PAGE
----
Lastly, I would like to say something about the remarks you have made in connection with the strength of the British empire. You have said to the revolutionaries, “Those whom you seek to depose, are better armed and infinitely better organised than you are.” But it is not shameful that a handful of Englishmen are able to rule India, not by the free consent of the Indian people but by the force of the sward? And if the English can be well-armed and well-organised, why cannot the Indian be better armed and better organised still-Indians who are saturated with the high principles of spirituality? Indians are men in the same sense as the Englishmen are. Then, what on earth makes the Indians so helpless as to think that they can never be better organised than their English masters? By what argument and logic of fact can you disprove the possibilities in which the revolutionaries have immense faith? And the spirit of non-violence that arises out of this sense of helplessness and despair can never be the non-violence of the strong, the non-violence of the Indian rishis. This is tamas, pure and simple.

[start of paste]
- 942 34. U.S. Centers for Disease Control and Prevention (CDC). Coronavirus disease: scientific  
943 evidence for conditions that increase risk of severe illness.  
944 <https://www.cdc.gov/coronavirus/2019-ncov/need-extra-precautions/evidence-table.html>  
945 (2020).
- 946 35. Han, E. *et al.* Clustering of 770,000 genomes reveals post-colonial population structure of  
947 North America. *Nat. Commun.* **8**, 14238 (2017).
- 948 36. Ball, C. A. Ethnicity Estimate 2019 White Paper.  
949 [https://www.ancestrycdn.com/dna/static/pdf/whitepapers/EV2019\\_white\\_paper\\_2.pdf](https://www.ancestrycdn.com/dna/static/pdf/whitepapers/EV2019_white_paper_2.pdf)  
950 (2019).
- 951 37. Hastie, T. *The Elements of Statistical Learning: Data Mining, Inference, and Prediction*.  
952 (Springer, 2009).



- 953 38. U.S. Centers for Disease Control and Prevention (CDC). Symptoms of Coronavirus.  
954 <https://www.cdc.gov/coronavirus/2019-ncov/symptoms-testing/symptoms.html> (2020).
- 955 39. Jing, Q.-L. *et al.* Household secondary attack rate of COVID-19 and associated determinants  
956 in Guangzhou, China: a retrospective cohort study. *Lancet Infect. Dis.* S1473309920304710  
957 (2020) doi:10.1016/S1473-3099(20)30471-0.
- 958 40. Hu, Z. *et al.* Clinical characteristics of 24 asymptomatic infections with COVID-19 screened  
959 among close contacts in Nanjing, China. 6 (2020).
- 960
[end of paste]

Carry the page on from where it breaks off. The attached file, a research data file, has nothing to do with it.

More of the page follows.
Excise me Mahatmaji, if I am severe in criticising your philosophy and principles. You have criticised the revolutionaries most unsympathetically and even you went so far as to describe them ass the enemies of the country, simply because they differ from your views and methods. You preach tolerance but you have been violently intolerant in your criticism of the revolutionaries. The revolutionaries have risked their everything to serve their motherland, and if you cannot help them, at least be not intolerant towards them.